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We publish frequent updates to our documentation, and translation of this page may still be in progress. For the most current information, please visit the English documentation.

This version of GitHub Enterprise was discontinued on 2023-03-15. No patch releases will be made, even for critical security issues. For better performance, improved security, and new features, upgrade to the latest version of GitHub Enterprise. For help with the upgrade, contact GitHub Enterprise support.

Securing your webhooks

Ensure your server is only receiving the expected GitHub requests for security reasons.

Once your server is configured to receive payloads, it'll listen for any payload sent to the endpoint you configured. For security reasons, you probably want to limit requests to those coming from GitHub. There are a few ways to go about this (for example, you could opt to allow requests from GitHub's IP address) but a far easier method is to set up a secret token and validate the information.

You can use the REST API to manage repository, organization, and app webhooks. You can list webhook deliveries for a webhook, or get and redeliver an individual delivery for a webhook, which can be integrated into an external app or service. You can also use the REST API to change the configuration of the webhook. For example, you can modify the payload URL, content type, SSL verification, and secret. For more information, see:

Setting your secret token

You'll need to set up your secret token in two places: GitHub and your server.

To set your token on GitHub:

  1. Navigate to the repository where you're setting up your webhook.

  2. Under your repository name, click Settings. If you cannot see the "Settings" tab, select the dropdown menu, then click Settings.

    Screenshot of a repository header showing the tabs. The "Settings" tab is highlighted by a dark orange outline.

  3. In the left sidebar, click Webhooks.

  4. Next to the webhook, click Edit.

  5. In the "Secret" field, type a random string with high entropy. You can generate a string with ruby -rsecurerandom -e 'puts SecureRandom.hex(20)' in the terminal, for example.

  6. Click Update Webhook.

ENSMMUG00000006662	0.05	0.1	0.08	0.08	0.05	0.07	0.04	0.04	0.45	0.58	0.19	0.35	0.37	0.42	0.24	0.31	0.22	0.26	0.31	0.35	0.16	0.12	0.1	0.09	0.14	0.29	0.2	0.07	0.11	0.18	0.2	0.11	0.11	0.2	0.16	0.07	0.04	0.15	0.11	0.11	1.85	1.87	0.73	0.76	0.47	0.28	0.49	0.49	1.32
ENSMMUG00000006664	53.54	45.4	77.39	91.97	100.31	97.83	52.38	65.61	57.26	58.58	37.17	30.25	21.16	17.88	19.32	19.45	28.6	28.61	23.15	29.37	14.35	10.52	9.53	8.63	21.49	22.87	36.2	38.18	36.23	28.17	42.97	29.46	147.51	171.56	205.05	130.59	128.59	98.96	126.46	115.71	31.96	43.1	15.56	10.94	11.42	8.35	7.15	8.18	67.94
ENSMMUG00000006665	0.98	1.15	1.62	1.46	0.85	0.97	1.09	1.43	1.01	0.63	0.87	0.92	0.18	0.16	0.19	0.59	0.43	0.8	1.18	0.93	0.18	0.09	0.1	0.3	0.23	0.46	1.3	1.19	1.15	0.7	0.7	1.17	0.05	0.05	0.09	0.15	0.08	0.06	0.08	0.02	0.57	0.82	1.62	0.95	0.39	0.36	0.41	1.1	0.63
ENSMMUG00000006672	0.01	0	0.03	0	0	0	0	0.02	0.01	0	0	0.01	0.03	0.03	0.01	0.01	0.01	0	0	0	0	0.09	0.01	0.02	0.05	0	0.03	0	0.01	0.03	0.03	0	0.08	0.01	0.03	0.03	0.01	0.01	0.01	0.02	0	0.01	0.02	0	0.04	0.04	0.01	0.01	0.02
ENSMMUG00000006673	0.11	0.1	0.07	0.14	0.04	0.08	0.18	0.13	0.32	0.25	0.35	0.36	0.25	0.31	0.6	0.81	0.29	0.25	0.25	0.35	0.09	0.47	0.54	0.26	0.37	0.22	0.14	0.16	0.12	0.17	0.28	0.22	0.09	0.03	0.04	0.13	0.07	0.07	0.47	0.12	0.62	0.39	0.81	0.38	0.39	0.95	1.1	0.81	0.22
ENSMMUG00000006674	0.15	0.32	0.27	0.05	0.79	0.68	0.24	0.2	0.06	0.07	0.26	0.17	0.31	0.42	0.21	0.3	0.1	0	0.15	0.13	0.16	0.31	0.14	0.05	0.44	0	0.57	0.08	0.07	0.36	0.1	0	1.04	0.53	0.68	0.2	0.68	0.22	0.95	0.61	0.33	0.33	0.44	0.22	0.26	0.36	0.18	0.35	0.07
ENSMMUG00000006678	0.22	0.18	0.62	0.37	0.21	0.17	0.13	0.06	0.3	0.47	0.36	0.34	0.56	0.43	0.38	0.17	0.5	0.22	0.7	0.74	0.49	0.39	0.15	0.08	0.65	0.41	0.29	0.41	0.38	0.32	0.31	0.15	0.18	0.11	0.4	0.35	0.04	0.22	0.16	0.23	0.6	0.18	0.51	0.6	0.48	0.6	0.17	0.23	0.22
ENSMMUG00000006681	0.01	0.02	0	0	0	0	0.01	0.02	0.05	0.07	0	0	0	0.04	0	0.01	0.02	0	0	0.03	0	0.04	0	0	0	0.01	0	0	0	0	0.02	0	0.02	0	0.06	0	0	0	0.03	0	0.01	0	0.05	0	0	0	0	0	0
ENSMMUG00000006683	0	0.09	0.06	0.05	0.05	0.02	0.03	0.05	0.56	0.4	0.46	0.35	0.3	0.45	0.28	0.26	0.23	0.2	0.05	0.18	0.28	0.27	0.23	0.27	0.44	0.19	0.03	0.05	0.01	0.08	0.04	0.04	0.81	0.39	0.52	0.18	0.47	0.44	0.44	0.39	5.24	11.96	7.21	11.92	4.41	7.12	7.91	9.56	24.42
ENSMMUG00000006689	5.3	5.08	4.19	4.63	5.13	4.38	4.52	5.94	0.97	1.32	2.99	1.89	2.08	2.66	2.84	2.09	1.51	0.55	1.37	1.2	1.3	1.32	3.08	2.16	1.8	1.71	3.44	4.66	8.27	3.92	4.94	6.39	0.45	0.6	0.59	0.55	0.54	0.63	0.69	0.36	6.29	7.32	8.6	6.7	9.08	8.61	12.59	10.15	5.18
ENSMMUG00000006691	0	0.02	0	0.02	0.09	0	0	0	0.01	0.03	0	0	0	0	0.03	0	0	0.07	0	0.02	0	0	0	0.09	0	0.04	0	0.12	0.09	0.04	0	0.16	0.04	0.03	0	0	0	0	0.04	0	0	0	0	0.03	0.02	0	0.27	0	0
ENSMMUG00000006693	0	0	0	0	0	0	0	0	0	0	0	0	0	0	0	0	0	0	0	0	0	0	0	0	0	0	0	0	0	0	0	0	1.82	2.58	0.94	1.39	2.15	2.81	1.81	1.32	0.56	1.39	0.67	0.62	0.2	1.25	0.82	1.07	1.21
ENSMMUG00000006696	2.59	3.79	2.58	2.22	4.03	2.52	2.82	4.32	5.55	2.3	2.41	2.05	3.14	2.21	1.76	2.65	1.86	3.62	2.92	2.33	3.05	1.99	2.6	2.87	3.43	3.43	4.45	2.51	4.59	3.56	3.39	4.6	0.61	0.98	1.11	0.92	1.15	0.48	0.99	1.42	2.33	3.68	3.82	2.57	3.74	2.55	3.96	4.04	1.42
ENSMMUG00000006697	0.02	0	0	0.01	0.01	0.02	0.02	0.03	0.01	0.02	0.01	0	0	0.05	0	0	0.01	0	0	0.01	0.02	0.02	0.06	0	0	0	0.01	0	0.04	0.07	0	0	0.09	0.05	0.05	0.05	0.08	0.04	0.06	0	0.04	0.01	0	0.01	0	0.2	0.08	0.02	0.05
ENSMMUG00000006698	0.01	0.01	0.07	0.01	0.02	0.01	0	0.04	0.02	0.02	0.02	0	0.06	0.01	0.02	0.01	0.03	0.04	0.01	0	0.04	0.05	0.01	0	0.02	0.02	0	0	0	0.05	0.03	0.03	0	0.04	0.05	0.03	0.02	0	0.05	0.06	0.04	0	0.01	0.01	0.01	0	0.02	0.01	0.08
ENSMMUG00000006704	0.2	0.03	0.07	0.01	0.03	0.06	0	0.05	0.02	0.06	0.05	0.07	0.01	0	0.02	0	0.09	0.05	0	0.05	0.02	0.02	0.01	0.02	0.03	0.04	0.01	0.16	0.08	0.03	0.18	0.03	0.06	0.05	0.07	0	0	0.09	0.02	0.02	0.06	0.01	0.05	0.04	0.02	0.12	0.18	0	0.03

Next, set up an environment variable on your server that stores this token. Typically, this is as simple as running:


Never hardcode the token into your app!

Validating payloads from GitHub

When your secret token is set, GitHub Enterprise Server uses it to create a hash signature with each payload. This hash signature is included with the headers of each request as x-hub-signature-256.

Note: For backward-compatibility, we also include the x-hub-signature header that is generated using the SHA-1 hash function. If possible, we recommend that you use the x-hub-signature-256 header for improved security. The examples below demonstrate using the x-hub-signature-256 header.

You should calculate a hash using your SECRET_TOKEN, and ensure that the result matches the hash from GitHub Enterprise Server. GitHub Enterprise Server uses an HMAC hex digest to compute the hash.

Note: Webhook payloads can contain unicode characters. If your language and server implementation specifies a character encoding, ensure that you handle the payload as UTF-8.

Your language and server implementations may differ from the following examples. However, there are a number of very important things to point out:

  • No matter which implementation you use, the hash signature starts with sha256=, using the key of your secret token and your payload body.

  • Using a plain == operator is not advised. A method like secure_compare performs a "constant time" string comparison, which helps mitigate certain timing attacks against regular equality operators.

Ruby example

For example, you can define the following verify_signature function:

def verify_signature(payload_body)
  signature = 'sha256=' + OpenSSL::HMAC.hexdigest('sha256'), ENV['SECRET_TOKEN'], payload_body)
  return halt 500, "Signatures didn't match!" unless Rack::Utils.secure_compare(signature, request.env['HTTP_X_HUB_SIGNATURE_256'])

Then you can call it when you receive a webhook payload:

post '/payload' do
  payload_body =
  push = JSON.parse(payload_body)
  "I got some JSON: #{push.inspect}"

Python example

For example, you can define the following verify_signature function and call it when you receive a webhook payload:

import hashlib
import hmac
def verify_signature(payload_body, secret_token, signature_header):
    """Verify that the payload was sent from GitHub by validating SHA256.
    Raise and return 403 if not authorized.
        payload_body: original request body to verify (request.body())
        secret_token: GitHub app webhook token (WEBHOOK_SECRET)
        signature_header: header received from GitHub (x-hub-signature-256)
    if not signature_header:
        raise HTTPException(status_code=403, detail="x-hub-signature-256 header is missing!")
    hash_object ='utf-8'), msg=payload_body, digestmod=hashlib.sha256)
    expected_signature = "sha256=" + hash_object.hexdigest()
    if not hmac.compare_digest(expected_signature, signature_header):
        raise HTTPException(status_code=403, detail="Request signatures didn't match!")

Typescript example

For example, you can define the following verify_signature function and call it when you receive a webhook payload:

import * as crypto from "crypto";

const WEBHOOK_SECRET: string = process.env.WEBHOOK_SECRET;

const verify_signature = (req: Request) => {
  const signature = crypto
    .createHmac("sha256", WEBHOOK_SECRET)
  return `sha256=${signature}` === req.headers.get("x-hub-signature-256");

const handleWebhook = (req: Request, res: Response) => {
  if (!verify_signature(req)) {
  // The rest of your logic here